The CU7000 uses a regular LCD panel with an edge-lit LED backlight, and it’s missing all the step-up picture quality features you’d find on QLED and OLED models. This means the TV can’t produce a wide color gamut, and black levels won’t be as deep or uniform across the screen. The display is also one of the dimmest options in Samsung’s lineup. It technically supports HDR10 and HDR10+ processing, but it’s incapable of showing off the true benefits of those formats.

On the plus side, the TV does support full 4K resolution for a sharp, clean image, and it plays standard dynamic range content in high definition just fine, so HD cable channels and all of the best live TV streaming services will look exactly like they’re supposed to. Viewing angles are mediocre, however, so you’ll want to sit at the center of the screen to get the best image. 

This is a fine entry-level display for casual viewers who just want a capable smart TV and don’t care about paying extra for better picture quality. But keep in mind, if you’re willing to venture outside Samsung’s lineup, you can find TVs with better contrast and color performance, like the Hisense U6K, for around the same amount of money.


Best 8K display

The QN900 series is the pinnacle of Samsung’s QLED TV lineup. It’s an 8K TV, which means it boasts four times the total number of pixels as a 4K display, and it uses the company’s most advanced Mini LED backlight system. The results are undeniably impressive, even if we still think 8K resolution is unnecessary for most people.

During our testing, the QN900C peaked at nearly 2,300 nits in Filmmaker Mode, making it one of Samsung’s brightest TVs. High dynamic range highlights sparkle, allowing HDR content that’s graded with peaks beyond 1,000 nits to come through with extra punch. 

The TV’s local dimming also works exceptionally well to keep black levels deep with minimal blooming. Samsung’s OLED models still have an edge here, but the QN900C comes closer to OLED quality in a dark room than any of Samsung’s other QLED TVs. Viewing angles are also great for an LCD-based display, with only small shifts in color and contrast when viewing from the side.   

A Samsung QN900C 8K TV on a table in a dark room.
Samsung’s QN900C is an incredible 8K TV, but we still think most buyers are better off with a cheaper 4K set.

But while the TV’s 8K resolution means it has the potential to provide a sharper image than even the best 4K TVs, there really isn’t any 8K content to play. Outside a few YouTube videos, any movies or shows you can watch right now are limited to 4K or HD resolution. This means the TV will simply upscale these videos to 8K. The QN900’s upscaling looks good, but we don’t think the resolution bump is worth the extra money to most people.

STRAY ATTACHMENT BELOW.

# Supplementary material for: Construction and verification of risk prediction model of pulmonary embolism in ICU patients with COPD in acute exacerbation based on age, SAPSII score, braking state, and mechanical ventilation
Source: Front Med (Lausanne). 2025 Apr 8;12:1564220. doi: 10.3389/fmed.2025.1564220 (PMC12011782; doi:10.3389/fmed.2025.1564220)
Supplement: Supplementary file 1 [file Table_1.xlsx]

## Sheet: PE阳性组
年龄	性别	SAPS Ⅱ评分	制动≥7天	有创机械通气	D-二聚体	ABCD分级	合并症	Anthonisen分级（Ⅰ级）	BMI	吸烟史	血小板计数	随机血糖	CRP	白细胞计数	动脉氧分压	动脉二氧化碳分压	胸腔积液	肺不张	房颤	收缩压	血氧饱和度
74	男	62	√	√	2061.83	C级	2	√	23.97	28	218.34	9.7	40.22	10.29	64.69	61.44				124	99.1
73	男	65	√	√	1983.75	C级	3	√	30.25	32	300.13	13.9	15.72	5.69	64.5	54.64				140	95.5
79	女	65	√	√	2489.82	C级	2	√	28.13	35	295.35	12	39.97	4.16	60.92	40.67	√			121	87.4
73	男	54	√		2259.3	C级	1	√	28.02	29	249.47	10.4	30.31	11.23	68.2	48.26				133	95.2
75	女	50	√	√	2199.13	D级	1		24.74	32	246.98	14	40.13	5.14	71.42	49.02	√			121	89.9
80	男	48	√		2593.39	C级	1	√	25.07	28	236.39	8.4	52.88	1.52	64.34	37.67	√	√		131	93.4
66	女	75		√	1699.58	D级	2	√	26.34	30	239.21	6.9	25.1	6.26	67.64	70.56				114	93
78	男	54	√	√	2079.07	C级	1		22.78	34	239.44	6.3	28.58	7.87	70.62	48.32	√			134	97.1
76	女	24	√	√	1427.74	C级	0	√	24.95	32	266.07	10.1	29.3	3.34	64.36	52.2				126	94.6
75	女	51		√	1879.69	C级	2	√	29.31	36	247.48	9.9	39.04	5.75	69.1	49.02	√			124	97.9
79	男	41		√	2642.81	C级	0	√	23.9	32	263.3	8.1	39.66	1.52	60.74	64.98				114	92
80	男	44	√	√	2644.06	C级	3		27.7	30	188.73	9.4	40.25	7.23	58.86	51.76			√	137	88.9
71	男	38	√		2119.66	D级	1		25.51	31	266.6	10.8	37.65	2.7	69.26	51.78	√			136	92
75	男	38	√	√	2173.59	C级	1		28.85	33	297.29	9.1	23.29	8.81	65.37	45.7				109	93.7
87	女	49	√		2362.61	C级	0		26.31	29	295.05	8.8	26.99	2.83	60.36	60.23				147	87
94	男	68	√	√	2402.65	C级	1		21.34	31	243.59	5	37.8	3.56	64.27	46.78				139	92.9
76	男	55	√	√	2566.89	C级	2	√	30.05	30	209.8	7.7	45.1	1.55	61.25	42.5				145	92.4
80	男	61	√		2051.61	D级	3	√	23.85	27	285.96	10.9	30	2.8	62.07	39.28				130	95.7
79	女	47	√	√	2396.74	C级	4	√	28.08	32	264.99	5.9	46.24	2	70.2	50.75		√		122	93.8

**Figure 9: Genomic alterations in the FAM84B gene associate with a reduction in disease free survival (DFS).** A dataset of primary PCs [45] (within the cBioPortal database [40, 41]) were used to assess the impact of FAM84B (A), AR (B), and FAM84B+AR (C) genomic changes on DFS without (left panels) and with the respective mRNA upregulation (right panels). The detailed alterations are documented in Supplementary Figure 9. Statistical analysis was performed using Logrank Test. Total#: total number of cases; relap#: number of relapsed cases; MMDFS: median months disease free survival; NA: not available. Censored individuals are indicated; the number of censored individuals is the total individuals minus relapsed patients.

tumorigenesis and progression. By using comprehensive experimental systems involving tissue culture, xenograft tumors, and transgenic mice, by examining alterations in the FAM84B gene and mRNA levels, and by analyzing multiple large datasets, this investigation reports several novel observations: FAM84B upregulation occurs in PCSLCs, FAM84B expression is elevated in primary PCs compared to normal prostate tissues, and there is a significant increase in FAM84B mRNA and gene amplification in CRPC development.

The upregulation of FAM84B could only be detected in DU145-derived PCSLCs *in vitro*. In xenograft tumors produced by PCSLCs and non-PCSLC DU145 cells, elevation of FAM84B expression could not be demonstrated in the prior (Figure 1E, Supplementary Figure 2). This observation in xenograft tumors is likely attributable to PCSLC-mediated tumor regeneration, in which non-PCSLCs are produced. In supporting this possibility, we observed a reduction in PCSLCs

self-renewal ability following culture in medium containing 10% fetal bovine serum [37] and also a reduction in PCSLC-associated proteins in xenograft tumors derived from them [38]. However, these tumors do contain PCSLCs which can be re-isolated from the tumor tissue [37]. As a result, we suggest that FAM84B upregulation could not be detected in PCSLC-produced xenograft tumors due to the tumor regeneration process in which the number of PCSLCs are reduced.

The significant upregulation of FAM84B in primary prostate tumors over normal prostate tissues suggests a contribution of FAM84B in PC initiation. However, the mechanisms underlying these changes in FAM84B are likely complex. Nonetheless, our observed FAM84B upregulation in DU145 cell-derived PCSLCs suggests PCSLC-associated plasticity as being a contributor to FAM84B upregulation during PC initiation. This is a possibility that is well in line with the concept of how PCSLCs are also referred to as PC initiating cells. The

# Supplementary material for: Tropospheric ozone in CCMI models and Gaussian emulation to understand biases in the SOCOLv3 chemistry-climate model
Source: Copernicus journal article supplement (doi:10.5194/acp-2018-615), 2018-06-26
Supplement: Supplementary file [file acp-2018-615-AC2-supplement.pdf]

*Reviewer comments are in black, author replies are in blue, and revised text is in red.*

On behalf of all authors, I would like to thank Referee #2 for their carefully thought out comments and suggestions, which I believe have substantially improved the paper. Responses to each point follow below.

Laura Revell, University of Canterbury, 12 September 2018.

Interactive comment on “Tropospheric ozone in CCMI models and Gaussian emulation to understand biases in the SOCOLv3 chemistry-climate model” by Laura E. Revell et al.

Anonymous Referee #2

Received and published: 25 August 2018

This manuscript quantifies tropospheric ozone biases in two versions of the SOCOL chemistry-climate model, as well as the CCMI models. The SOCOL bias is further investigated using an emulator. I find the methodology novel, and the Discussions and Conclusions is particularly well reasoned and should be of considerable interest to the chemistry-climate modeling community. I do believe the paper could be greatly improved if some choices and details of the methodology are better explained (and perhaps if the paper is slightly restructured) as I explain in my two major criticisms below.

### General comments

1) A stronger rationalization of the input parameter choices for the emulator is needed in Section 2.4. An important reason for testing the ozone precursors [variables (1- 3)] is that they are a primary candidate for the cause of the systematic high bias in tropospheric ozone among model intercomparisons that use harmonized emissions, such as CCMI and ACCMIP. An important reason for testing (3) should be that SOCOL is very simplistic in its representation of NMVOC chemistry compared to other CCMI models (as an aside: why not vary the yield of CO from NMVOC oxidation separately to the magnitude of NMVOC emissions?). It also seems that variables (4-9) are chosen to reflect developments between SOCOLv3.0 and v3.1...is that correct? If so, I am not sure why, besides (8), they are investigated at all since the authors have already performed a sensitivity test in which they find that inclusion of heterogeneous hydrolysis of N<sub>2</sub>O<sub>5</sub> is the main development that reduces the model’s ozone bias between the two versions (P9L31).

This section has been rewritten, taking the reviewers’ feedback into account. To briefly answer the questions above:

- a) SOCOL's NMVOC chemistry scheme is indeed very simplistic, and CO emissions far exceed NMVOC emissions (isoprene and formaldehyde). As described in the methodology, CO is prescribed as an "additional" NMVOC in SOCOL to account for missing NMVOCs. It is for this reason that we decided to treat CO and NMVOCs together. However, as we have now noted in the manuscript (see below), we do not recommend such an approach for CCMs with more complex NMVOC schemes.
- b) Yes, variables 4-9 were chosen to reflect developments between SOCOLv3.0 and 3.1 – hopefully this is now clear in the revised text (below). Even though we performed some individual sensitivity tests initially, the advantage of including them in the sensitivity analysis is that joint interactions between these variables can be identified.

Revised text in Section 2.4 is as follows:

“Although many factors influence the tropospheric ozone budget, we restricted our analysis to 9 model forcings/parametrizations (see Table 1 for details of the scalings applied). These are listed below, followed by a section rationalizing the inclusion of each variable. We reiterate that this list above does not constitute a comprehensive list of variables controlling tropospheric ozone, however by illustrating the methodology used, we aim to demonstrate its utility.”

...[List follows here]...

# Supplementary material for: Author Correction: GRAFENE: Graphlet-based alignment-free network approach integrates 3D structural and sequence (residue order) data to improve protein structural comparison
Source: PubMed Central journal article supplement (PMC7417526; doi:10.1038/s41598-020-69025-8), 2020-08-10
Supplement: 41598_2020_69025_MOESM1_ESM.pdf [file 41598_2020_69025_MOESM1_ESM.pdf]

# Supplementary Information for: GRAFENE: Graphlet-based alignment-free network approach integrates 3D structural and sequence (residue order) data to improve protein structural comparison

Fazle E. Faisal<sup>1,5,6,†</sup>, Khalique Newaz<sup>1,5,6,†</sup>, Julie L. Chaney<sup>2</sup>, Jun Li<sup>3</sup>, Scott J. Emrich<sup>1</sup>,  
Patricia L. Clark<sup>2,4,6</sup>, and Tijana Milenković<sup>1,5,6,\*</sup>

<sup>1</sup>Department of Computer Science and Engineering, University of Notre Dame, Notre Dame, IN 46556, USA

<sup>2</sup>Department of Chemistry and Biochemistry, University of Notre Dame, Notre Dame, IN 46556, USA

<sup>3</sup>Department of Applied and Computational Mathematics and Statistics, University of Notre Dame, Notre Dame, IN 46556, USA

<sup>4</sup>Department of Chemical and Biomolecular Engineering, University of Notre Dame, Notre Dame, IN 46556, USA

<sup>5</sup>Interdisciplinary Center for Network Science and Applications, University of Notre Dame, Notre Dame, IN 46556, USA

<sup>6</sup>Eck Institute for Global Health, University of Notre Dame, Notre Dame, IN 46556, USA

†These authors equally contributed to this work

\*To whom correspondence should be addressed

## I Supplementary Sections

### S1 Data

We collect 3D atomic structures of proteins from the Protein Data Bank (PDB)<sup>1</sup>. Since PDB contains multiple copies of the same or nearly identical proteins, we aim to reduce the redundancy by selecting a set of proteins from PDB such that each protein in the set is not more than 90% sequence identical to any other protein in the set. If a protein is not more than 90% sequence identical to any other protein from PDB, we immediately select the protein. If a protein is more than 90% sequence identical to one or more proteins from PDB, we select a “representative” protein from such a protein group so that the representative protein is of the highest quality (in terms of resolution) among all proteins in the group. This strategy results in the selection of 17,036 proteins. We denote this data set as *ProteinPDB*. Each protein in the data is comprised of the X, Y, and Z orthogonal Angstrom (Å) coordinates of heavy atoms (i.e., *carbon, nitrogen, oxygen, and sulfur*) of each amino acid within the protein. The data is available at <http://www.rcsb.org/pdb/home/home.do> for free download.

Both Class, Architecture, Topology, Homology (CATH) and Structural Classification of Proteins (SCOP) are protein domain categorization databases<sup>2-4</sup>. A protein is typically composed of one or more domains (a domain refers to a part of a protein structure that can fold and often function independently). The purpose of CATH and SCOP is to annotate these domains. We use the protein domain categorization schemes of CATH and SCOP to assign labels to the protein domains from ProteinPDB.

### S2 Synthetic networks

The perks of 8K resolution are particularly hard to see on displays that are 65 inches or smaller. Instead, 8K benefits are more noticeable on sizes 75 inches and up since 8K’s higher pixel density can give images a cleaner appearance on larger screens. 

The QN900C is one of the best-looking QLED TVs that Samsung offers, but it’s not a huge leap over much cheaper 4K QLEDs like the QN90C. And despite having a lower resolution, we think Samsung’s OLED TVs provide better overall picture quality thanks to their superior contrast. However, if you’re set on purchasing an 8K TV, this is the Samsung model to get.

A new 2024 edition of this TV, the QN900D, is also available. It performed great during our tests but didn’t provide a big step up from the QN900C. Since the QN900C costs much less than the newer model, we recommend it as the better buy. 


Best for reducing glare

Samsung’s S95D OLED boasts a new matte screen that significantly reduces glare and reflections in rooms with ambient light. The only other notable TVs with matte screens are Samsung’s Frame and Hisense’s upcoming Canvas TV, but neither of those models can match the S95D’s high-end picture performance. 

During our testing, the screen filter lived up to its claims, nearly eliminating glare. This makes the S95D uniquely suited for bright rooms where distracting reflections can be problematic.

However, the glare-free coating does cause black levels to look a bit elevated in a bright room, causing the image to lose some of the inkiness that OLEDs are known for. Black levels are still perfect in a dark room, but perceived contrast does take a hit when watching dim scenes with the lights on. 

A Samsung S95D TV in a living room with a video of rippling water on the screen.
The Samsung S95D’s matte screen can prevent glare and reflections better than any other TV we’ve seen.

In addition to its impressive reflection handling, the S95D is the brightest OLED TV we’ve ever tested. We measured a peak of around 1,700 nits, about 700 nits more than the cheaper S90C. That’s a notable increase, and it can make specular highlights and colors pop with a bit more intensity. However, we think the cheaper S90C’s brightness capabilities are still great for most use cases.

Like the S90C, the S95D supports up to a 144Hz refresh to get incredibly smooth gameplay when hooked to a PC. The S95D has a slightly more high-end design than the cheaper S90 series, using a separate One Connect Box to house all its HDMI ports. This gives it a uniformly thin profile of just 0.4 inches all the way down.